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Acute psychological stress impaires attentional disengagement towards Threat-Related Stimuli PDF (0KB)
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2019-09-16
The Effect of Social Crowding on Individuals’ Preference for Self-Improvement Products PDF (0KB)
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2019-09-16
Interpersonal Complementarity in Counseling and its Relationship with Working Alliance and Therapeutic Outcomes PDF (0KB)
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2019-09-16
Altered Structural Plasticity in early adulthood after Badminton Training PDF (0KB)
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2019-09-20
How can leader’s voice endorsement promote employee voice: An integrated mechanism from the goal self-organization perspective PDF (0KB)
Wenhao Luo
2019-09-20
The divergent effects of work stress on voice behavior
Voice, the expression of one’s work-related idea, is important for eliminating organizational problems and improving organizational effectiveness. Most of the previous studies considered voice as a behavior with co. . .
DOI:
The Influence of Questioning Type on Autobiographical Memory Generalization
Based on classic autobiographical memory test, the influence of different questioning types on autobiographical memory generalization of middle school students is explored. In this research, 344 middle school students we. . .
DOI:
  25 October 2019, Volume 51 Issue 10 Previous Issue    Next Issue
Reports of Empirical Studies
Aging effect of picture naming in Chinese: The influence of the non-selective inhibition ability
YANG Qun, ZHANG Qingfang
Acta Psychologica Sinica. 2019, 51 (10): 1079-1090.  
DOI: 10.3724/SP.J.1041.2019.01079

Abstract   ( 1916 ) HTML   PDF (601KB) ( 1831 )

Older speakers frequently report more linguistic dysfluencies, verbose and even anomia in speech production than young speakers. The transmission deficit hypothesis assumes that normal aging reduces the activation transmission between the meaning and the word form of target words, which results in more failures. By contrast, the inhibition hypothesis assumes that the inhibitive ability about irrelevant information in older adults is decreased in comparison with young adults, thus more word retrieval failures in the old than in young adults. On the other hand, semantic interference effect and distractor word frequency effect have been observed in picture-word interference (PWI) task. Researchers interpreted the two effects via the competitive (i.e., lexical selection competition during lemma retrieval) and the non-competitive hypotheses (i.e., response exclusion hypothesis). The present study aims to investigate the influence of non-selective inhibition ability in picture naming by examining distractor frequency effect in young and older native Chinese speakers.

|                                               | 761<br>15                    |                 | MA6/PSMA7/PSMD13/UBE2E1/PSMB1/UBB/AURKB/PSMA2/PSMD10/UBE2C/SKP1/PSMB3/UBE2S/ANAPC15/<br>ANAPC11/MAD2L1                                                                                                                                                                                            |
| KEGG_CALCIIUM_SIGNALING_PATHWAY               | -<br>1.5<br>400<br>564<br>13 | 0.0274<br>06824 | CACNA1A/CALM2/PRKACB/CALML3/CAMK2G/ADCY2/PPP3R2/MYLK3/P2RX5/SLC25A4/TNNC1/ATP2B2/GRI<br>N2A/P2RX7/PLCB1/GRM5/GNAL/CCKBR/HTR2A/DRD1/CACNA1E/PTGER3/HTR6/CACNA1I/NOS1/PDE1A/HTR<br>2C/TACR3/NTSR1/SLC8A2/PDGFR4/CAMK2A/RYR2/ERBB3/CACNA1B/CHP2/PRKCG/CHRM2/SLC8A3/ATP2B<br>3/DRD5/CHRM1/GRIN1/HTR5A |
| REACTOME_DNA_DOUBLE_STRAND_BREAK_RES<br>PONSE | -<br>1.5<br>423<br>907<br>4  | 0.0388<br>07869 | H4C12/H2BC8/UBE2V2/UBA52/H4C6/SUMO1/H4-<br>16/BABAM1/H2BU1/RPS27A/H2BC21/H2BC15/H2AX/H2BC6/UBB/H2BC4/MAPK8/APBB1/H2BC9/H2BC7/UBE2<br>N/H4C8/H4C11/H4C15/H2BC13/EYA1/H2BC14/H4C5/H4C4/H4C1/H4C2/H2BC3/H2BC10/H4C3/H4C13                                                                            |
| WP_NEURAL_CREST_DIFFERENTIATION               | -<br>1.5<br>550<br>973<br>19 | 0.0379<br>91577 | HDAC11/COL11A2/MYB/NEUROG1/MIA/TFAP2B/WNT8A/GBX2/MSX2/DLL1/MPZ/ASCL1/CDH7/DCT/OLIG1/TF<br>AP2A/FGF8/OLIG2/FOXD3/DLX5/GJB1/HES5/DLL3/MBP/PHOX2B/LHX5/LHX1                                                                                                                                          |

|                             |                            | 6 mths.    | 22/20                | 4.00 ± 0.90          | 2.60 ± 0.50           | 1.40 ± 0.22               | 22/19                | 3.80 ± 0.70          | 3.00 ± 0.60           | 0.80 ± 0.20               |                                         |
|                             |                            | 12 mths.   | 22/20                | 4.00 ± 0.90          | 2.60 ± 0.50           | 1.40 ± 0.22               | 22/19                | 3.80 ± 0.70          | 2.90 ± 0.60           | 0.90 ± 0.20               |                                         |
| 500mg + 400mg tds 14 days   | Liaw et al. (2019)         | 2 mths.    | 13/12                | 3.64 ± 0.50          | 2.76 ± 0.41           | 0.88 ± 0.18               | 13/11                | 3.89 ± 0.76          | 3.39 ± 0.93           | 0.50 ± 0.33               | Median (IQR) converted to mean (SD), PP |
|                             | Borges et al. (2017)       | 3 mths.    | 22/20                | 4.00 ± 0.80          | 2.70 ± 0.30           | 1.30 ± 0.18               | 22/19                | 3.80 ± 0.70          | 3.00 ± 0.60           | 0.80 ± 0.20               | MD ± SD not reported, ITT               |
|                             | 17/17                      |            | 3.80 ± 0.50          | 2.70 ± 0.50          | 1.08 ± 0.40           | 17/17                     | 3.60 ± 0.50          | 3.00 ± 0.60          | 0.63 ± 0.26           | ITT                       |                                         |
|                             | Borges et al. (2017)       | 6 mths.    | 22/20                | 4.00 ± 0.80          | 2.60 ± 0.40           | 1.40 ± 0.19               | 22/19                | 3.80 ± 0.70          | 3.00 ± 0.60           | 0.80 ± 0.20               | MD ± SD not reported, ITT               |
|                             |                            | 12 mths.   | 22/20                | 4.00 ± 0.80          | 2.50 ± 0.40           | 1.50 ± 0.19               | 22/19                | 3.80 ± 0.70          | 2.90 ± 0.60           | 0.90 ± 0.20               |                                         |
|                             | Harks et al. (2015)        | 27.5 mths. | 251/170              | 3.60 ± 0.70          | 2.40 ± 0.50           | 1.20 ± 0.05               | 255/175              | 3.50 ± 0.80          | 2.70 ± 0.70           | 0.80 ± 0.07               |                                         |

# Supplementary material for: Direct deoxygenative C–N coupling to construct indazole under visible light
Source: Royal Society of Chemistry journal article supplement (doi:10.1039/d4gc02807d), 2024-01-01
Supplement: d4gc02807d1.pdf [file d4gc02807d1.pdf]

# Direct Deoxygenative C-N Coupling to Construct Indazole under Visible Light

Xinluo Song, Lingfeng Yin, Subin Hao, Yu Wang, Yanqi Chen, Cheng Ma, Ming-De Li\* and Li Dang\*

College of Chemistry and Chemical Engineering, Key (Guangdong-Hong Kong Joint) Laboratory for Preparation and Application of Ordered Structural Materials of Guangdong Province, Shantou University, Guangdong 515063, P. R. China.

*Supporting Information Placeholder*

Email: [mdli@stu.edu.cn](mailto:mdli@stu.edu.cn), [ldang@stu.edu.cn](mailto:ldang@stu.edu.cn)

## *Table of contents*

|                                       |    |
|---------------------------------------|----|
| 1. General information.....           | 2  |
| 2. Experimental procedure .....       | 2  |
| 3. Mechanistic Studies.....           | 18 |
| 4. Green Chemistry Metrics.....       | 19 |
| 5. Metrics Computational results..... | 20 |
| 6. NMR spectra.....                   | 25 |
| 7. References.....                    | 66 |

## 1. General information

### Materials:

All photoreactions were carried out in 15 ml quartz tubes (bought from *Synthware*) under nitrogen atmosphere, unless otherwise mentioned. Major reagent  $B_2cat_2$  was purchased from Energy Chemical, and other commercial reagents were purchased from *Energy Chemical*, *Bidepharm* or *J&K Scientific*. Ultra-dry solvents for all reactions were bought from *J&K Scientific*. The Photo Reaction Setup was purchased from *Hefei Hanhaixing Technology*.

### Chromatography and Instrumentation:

In the PWI task, participants were instructed to name pictures as quickly and accurately while ignoring distractor words. In experiment 1, we manipulated age (young vs. older), the frequency of distractor words (High vs. Low), and the onset interval between distractors and target pictures (-100 ms, 0 ms, and 100 ms). In experiment 2, we manipulated age, the frequency of distractor words, and the frequency of target names (High, Medium, and Low). The non-selective inhibition ability was measured by stop-signal task in both groups. Distractors and pictures were presented simultaneously.

Results indicated a target name frequency effect in both young and older groups. Importantly, we found distractor word frequency effects in young adults, but non in older adults. The distractor frequency effect in older adults was absent due to weaker phonological activation of distractor words, and thus support the transmission deficit hypothesis. The correlations between the ability of non-selection inhibition and distractor frequency effect were not significant in both groups, indicating this kind of ability did not affect the magnitude of distractor frequency effect. However, the ability of non-selection inhibition positively correlated with mean naming latencies only in older adults, indicating that the decrease of non-selective inhibition ability influences naming latencies in older adults, while the absence in the young due to the small variations of naming latencies, which need to be investigated further by covering a wide age range (18~80 years).

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Effects of task type, family size, and grammatical consistency on the activation of grammatical information of semantic radicals
ZHANG Yuzhi, ZHANG Jijia
Acta Psychologica Sinica. 2019, 51 (10): 1091-1101.  
DOI: 10.3724/SP.J.1041.2019.01091

Abstract   ( 751 ) HTML   PDF (620KB) ( 725 )

In the study of phonetic characters, whether the lexical grammatical information can be independently activated through speech comprehension or production has been a controversial topic. In recent years, increasing evidence has shown that grammar exists independently from semantics and phonetics.

Chinese characters are the only ideograms in the world. Chinese do not emphasize the grammatical categories of words, like phonetic characters, because Chinese words can represent a variety of word classes without changing the pronunciation and orthography. The complicated grammatical features of Chinese words make them difficult to be explored, but they still arouse researchers’ interest. Researchers have examined the grammatical activation of Chinese from the perspectives of sentence context, idioms, phrases, and Chinese words. Previous studies have also examined the grammatical features of Chinese words at or beyond the level of words. Accordingly, the present research extended the previous studies through the sub-lexical pathway.